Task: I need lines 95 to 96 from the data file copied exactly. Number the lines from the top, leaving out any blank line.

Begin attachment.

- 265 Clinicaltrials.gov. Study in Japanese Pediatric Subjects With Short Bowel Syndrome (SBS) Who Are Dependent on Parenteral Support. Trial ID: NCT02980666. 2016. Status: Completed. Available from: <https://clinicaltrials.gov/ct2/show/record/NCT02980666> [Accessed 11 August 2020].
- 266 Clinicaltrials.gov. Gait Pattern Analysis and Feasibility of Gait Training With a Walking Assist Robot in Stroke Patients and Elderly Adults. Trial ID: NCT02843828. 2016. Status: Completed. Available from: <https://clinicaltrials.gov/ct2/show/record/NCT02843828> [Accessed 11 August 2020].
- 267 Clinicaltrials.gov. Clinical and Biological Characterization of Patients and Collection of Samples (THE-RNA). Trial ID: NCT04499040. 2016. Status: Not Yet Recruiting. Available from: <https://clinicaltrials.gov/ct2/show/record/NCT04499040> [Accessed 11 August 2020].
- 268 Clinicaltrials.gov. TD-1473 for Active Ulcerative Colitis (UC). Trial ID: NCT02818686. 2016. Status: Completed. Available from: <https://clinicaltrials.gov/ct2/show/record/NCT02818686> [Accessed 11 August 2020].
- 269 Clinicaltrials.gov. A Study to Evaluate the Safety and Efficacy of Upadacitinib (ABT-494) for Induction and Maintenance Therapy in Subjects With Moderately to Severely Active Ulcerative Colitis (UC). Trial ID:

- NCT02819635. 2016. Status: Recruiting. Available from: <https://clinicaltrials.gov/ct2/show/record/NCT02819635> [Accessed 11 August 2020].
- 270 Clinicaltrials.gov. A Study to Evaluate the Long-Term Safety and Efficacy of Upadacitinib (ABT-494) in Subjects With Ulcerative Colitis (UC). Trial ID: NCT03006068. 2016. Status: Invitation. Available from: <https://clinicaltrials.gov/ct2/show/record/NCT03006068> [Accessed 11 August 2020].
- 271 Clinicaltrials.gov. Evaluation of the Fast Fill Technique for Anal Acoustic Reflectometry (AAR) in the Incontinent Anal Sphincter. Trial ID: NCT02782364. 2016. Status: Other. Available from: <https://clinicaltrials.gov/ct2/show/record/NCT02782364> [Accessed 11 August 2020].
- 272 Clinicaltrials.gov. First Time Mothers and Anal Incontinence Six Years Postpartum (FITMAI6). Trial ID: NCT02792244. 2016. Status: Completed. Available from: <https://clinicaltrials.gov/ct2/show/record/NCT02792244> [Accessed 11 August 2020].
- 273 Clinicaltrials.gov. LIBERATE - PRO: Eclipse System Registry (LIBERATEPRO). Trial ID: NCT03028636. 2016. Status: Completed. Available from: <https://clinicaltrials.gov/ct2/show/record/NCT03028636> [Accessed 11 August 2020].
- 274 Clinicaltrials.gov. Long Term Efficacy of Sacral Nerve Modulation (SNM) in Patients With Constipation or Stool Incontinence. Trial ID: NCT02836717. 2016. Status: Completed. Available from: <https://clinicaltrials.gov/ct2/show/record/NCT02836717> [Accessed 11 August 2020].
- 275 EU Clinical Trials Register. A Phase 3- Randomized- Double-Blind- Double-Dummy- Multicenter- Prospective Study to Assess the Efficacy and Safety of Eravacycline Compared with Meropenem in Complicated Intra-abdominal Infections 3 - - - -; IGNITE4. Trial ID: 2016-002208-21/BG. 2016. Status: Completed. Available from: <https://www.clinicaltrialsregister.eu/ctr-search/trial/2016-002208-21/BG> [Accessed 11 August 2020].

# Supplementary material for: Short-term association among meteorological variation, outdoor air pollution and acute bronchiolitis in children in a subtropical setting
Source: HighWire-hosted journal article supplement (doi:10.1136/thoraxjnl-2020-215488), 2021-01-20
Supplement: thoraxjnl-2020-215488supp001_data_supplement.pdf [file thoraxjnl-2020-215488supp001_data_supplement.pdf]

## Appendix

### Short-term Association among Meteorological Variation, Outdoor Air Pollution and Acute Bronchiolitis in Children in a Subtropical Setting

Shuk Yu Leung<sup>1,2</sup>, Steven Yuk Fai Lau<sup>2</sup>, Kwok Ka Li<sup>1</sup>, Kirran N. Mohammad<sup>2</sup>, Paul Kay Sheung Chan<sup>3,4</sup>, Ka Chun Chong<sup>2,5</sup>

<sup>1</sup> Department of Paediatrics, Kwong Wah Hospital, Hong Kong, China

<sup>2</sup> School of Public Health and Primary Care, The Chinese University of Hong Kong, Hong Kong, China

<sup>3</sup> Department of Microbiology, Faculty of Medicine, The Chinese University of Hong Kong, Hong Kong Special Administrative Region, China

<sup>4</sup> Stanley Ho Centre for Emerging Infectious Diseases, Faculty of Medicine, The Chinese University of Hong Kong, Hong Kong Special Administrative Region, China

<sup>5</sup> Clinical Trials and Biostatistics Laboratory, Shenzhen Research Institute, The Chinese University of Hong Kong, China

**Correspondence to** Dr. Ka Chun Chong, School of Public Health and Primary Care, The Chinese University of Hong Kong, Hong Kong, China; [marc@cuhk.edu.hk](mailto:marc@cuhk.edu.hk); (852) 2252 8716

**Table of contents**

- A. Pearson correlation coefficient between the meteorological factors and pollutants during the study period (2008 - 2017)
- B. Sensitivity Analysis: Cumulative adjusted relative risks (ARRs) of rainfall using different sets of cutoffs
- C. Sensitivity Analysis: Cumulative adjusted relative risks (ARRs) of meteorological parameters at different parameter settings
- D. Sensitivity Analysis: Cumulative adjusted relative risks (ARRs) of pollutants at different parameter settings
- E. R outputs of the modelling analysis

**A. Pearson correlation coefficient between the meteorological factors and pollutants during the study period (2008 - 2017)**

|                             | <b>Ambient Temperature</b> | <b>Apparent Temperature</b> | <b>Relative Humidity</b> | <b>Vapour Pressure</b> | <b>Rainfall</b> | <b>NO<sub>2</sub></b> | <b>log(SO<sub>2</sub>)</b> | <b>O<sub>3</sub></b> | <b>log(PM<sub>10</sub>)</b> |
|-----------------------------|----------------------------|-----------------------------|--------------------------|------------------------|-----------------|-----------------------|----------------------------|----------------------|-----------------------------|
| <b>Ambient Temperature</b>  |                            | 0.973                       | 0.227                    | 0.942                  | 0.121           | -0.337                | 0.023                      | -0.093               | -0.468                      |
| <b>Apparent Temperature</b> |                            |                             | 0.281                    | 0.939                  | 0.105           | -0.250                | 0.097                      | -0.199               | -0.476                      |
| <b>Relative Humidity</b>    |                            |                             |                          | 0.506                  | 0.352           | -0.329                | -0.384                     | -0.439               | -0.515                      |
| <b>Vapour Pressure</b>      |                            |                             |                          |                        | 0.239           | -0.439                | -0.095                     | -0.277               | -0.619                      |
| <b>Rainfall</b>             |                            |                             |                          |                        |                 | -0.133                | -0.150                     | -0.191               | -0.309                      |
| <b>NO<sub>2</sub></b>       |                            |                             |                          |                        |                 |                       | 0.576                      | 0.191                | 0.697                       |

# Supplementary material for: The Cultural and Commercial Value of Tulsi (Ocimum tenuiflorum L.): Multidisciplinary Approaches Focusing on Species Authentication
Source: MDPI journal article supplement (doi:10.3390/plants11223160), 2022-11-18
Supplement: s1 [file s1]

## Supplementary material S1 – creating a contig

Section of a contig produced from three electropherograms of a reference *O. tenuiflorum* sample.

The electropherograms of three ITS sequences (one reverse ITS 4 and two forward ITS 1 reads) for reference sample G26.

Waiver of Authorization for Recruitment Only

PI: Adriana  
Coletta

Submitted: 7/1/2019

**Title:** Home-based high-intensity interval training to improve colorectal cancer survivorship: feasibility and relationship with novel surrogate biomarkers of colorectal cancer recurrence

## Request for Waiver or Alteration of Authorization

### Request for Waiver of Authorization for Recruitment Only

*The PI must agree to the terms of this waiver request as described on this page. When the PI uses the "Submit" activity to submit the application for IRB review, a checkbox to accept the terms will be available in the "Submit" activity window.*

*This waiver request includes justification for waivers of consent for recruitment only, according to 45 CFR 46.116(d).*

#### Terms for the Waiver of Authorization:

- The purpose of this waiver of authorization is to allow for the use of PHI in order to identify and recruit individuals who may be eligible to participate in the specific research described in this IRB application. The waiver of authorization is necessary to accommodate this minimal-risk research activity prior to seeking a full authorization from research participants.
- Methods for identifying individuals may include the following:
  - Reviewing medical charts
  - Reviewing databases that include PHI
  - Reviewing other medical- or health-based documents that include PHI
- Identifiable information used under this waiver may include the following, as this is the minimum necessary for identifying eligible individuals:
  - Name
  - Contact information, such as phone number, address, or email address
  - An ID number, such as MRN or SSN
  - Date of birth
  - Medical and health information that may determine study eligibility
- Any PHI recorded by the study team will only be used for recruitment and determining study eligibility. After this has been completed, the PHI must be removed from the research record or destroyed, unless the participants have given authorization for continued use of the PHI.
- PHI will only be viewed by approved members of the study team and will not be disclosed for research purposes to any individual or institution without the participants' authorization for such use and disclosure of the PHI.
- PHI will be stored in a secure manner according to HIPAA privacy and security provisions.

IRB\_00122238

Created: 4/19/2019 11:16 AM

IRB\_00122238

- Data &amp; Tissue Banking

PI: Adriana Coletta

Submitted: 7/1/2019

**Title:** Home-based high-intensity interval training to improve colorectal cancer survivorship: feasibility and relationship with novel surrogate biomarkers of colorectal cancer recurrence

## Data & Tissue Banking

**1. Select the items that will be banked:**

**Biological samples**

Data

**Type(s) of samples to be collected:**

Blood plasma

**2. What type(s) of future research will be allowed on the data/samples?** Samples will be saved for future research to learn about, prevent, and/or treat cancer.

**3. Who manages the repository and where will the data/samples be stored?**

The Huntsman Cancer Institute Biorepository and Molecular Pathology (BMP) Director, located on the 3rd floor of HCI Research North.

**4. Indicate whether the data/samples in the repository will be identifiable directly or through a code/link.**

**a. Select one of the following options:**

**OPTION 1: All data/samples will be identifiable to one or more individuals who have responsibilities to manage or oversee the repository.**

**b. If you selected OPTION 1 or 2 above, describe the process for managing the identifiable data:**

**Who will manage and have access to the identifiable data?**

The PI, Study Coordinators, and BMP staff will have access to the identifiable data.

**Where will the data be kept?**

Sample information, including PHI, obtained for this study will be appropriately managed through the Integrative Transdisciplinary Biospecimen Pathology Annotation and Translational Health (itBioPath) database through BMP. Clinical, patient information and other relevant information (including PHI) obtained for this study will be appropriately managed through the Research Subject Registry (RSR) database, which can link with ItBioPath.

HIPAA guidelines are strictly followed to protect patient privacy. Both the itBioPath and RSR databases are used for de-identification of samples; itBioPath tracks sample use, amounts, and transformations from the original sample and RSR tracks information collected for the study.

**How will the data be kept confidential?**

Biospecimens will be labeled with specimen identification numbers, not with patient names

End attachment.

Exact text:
**How will the data be kept confidential?**

Biospecimens will be labeled with specimen identification numbers, not with patient names